The ancient art of candle-making

When I first started candle-making two years ago, I thought it sounded easy. Just melt some wax down, add some fragrance oil and let it set, right? I was very wrong! After many months of failed attempts and endless testing, I realised that making a candle that burns well, smells good and is safe to use is a lot harder than it looks!

Candle-making is all about the details. Choosing a wick on its own is hard work, as a wick that’s too big will produce lots of soot and burn too hot, while a wick that’s too small will tunnel down the middle and drown itself. The only way to find the right size is through trial and error. 

Furthermore, the temperature at which you add fragrance and pour the wax can make a huge difference! Fragrance oils also react to wax differently, so even when you’ve found a formula that works, it’s necessary to test new fragrances every time. 

Candle-making takes a lot of skill and experience to master, but I also love it for those very reasons. It’s a beautiful art form that has been around for centuries. I like to call it ‘wax alchemy’ as it’s essentially a process of combining raw materials and creating something new from it. 

Ancient Romans first made candles around 500 BC. They were tallow candles, made from fat derived from animals. They were primarily used as a source of light and warmth, though oil burners were more common as they were cheaper.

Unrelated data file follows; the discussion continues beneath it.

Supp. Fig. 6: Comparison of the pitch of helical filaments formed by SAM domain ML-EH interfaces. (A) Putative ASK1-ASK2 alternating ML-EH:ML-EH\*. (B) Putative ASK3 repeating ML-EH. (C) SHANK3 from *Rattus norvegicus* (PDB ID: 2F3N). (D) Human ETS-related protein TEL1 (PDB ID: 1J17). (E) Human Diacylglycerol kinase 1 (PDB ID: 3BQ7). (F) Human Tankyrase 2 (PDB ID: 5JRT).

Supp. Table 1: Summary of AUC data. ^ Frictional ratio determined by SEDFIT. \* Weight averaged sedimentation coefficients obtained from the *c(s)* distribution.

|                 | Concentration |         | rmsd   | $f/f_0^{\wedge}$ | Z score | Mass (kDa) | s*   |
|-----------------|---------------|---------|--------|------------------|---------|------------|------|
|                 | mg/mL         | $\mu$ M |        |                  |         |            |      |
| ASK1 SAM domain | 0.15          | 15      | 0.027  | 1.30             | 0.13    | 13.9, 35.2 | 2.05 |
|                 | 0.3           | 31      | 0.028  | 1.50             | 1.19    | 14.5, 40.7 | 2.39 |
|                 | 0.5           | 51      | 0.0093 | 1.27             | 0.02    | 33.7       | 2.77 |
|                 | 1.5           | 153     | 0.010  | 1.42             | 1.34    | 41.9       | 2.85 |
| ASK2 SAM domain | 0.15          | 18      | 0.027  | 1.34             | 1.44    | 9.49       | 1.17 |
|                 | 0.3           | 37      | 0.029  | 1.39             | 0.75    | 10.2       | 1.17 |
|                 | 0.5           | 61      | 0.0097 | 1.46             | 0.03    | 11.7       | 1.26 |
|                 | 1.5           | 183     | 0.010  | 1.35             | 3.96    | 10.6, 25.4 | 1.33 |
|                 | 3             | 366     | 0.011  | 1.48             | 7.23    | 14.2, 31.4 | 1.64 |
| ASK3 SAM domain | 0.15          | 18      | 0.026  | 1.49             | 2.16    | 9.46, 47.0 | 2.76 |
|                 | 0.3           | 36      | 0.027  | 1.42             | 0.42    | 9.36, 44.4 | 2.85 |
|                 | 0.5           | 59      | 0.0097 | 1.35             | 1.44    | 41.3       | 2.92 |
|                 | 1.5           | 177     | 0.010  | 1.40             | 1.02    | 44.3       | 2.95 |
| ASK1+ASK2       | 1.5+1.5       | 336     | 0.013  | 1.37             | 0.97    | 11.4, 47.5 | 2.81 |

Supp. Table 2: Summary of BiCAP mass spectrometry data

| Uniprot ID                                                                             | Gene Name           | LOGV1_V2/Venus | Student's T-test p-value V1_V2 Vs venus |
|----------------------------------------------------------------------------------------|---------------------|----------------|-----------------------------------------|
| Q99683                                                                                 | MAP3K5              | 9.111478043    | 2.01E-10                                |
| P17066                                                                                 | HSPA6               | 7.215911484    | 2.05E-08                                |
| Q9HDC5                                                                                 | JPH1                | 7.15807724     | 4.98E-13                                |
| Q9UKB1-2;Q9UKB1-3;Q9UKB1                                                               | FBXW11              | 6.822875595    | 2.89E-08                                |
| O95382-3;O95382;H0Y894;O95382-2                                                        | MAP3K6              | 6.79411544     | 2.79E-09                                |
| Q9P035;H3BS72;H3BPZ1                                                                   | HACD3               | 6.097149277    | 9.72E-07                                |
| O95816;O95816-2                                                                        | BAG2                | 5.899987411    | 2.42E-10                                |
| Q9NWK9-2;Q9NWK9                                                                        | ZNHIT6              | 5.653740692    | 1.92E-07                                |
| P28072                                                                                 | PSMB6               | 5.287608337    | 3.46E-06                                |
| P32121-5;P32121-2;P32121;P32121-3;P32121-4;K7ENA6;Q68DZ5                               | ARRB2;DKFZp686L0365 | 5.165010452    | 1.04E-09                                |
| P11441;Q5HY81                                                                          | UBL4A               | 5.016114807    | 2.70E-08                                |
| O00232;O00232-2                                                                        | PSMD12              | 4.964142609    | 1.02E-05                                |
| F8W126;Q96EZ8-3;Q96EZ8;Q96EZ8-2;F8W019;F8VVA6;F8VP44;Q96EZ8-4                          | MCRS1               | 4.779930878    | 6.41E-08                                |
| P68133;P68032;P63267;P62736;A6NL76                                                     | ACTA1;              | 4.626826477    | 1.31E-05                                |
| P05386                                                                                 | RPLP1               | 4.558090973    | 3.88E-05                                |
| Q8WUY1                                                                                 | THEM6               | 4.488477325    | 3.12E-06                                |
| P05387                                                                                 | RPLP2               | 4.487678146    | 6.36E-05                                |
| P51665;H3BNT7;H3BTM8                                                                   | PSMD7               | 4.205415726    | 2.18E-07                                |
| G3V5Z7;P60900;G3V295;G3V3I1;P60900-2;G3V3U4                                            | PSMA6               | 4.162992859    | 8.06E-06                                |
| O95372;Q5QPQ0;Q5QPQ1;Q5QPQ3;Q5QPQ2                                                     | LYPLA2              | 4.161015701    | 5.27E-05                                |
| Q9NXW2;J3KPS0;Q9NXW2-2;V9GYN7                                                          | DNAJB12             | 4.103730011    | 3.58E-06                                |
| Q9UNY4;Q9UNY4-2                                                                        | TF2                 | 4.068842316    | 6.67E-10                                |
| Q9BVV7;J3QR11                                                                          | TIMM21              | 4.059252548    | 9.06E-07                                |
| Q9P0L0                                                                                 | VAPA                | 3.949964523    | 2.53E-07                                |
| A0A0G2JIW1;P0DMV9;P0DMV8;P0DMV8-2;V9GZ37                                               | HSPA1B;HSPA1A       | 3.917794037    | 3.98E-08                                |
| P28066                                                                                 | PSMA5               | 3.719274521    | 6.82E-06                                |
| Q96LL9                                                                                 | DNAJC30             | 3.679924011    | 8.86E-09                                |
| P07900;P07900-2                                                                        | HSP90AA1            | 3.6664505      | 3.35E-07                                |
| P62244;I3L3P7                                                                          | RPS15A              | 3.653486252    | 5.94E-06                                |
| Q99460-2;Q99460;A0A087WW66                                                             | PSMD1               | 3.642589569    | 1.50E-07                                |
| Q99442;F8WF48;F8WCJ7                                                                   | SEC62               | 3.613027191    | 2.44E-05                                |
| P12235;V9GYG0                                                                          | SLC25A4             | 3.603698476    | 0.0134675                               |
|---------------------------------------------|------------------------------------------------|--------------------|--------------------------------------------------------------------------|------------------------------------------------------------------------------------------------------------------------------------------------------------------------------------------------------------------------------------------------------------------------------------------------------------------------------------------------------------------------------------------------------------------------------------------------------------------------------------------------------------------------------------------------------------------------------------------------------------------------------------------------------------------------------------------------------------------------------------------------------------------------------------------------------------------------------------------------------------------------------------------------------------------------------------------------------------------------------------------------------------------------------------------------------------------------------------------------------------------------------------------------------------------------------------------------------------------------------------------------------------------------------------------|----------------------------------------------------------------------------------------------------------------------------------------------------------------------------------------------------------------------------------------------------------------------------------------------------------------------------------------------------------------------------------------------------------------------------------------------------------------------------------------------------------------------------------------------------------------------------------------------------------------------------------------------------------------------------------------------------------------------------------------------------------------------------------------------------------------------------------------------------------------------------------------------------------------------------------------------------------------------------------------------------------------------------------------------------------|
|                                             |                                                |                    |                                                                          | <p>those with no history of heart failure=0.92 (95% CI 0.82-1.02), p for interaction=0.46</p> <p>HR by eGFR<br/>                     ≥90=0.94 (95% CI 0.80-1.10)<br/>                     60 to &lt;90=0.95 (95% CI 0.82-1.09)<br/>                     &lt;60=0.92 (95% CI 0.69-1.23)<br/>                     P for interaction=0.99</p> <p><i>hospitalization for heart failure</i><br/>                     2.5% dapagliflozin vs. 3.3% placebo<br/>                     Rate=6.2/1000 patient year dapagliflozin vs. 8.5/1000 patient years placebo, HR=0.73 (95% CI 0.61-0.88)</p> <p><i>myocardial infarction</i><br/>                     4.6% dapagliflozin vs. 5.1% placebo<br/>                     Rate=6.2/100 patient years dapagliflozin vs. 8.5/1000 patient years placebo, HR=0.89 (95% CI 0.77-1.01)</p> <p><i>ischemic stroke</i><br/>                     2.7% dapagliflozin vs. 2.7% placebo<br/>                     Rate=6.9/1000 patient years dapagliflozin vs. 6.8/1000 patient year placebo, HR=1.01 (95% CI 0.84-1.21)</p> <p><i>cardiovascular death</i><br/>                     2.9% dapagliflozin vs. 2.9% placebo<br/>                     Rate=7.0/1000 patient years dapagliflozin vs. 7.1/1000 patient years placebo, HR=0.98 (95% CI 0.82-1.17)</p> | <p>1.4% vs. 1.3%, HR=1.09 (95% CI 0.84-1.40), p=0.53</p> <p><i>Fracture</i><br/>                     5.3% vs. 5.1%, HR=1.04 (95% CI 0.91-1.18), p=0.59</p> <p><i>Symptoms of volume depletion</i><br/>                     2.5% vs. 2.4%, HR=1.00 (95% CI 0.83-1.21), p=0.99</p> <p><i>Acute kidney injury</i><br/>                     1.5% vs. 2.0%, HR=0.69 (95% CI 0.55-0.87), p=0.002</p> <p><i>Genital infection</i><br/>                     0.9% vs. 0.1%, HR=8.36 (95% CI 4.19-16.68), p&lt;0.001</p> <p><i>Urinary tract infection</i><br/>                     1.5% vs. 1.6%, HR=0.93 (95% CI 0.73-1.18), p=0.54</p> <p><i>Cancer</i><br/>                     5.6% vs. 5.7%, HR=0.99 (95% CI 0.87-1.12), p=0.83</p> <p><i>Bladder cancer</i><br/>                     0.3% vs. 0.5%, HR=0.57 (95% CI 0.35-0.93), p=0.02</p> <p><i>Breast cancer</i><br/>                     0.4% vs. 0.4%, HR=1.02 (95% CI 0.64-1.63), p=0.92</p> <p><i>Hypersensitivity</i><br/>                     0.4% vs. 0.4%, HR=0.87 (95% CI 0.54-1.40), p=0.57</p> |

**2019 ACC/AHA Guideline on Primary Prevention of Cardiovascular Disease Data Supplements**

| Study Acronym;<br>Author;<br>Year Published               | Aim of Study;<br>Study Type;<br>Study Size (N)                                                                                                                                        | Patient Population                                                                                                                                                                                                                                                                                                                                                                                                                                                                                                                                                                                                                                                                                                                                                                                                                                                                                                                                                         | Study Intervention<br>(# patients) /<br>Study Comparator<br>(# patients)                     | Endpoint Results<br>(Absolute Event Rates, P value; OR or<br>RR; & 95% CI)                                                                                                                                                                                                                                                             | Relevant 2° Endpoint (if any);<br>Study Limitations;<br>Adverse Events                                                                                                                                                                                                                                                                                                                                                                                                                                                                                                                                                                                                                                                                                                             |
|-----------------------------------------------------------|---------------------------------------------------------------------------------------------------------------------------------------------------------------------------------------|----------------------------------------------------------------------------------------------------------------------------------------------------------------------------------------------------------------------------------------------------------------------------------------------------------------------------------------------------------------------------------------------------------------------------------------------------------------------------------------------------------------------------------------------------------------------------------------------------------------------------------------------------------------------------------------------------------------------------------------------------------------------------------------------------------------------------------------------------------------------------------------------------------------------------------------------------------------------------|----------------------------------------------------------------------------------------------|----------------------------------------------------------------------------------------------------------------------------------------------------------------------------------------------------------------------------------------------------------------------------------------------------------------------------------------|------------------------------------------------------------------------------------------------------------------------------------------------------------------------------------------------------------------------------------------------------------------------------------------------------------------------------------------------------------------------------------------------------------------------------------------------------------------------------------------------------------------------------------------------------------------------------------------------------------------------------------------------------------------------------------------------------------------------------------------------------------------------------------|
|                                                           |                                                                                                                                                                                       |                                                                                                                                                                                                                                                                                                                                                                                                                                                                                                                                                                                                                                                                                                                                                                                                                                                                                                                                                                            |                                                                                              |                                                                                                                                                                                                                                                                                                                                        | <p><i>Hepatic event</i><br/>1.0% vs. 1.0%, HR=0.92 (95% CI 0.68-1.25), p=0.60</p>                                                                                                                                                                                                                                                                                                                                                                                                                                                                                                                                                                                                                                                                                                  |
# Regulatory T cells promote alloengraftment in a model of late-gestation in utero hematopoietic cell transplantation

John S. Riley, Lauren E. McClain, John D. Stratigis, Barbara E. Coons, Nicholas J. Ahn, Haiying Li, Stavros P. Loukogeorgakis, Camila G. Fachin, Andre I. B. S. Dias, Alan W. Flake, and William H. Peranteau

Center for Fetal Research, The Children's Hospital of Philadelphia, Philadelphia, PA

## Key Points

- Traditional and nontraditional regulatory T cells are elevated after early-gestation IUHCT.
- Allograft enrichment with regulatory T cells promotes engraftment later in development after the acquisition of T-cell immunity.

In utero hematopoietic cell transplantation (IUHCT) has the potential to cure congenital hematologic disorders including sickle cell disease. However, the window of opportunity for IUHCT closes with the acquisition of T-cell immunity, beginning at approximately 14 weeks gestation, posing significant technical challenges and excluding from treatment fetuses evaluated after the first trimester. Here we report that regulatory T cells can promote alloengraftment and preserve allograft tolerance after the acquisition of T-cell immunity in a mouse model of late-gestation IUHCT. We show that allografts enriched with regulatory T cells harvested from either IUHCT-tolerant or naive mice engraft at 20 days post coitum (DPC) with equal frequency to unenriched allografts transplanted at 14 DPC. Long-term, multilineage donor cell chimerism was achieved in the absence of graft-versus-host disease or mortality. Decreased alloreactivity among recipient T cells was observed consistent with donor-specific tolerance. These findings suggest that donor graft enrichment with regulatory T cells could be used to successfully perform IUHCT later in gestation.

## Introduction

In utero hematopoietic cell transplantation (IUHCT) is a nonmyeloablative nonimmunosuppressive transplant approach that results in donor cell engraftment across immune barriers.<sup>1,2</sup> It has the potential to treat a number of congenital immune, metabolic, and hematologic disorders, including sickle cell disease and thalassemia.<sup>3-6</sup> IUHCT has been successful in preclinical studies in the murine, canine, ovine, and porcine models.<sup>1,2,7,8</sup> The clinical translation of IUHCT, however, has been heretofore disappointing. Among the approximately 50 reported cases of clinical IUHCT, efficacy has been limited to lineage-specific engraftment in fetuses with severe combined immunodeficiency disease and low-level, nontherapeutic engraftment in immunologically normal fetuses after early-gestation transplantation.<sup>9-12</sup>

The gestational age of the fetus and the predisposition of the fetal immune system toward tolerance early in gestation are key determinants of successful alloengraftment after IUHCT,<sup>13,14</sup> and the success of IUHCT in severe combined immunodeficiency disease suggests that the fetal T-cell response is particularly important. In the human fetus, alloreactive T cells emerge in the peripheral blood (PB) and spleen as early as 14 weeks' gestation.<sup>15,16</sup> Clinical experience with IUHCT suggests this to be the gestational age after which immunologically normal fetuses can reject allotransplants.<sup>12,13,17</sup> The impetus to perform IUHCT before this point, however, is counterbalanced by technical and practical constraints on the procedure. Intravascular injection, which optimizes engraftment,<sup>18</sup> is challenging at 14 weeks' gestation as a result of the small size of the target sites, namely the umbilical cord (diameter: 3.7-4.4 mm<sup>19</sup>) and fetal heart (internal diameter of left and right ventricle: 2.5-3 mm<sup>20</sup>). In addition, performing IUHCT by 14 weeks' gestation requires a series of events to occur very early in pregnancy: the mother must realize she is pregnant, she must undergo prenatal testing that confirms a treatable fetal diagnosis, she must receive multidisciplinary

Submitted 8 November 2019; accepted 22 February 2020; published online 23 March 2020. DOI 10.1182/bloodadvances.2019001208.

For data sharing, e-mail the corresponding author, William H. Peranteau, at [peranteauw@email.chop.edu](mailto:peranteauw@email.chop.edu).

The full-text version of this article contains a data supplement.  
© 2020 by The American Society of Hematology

Candles, especially beeswax candles, were considered luxury items that were given as gifts or used during religious ceremonies. By the 13th century, candle-making had become a guild craft in England and France. 

Here are a few fun facts about candle history you may not have known: 

  • In the 18th and 19th centuries, candles were made from spermacetti, a waxy substance produced by the sperm whale.
  • The Song Dynasty in Ancient China used ‘candle clocks’ to tell the time; the candles would have  time marking inscribed into the wax. 
  • The manufacture of candles became an industrialised mass market in the mid 19th century, when it was mechanised and paraffin wax was adopted for large-scale use. 
  • Paraffin wax, which is a by-product of petroleum, is still the most widely used wax today. 

While most famous candle brands you see in shops likely use paraffin wax, natural waxes such as soy, coconut, and rapeseed waxes are becoming increasingly popular.

Here at Chai Lights we only use 100% soy wax, a plant-based renewable wax that has a longer, cleaner burn than paraffin. This means less sooting and better burn time for your money! Have a look now at the full collection.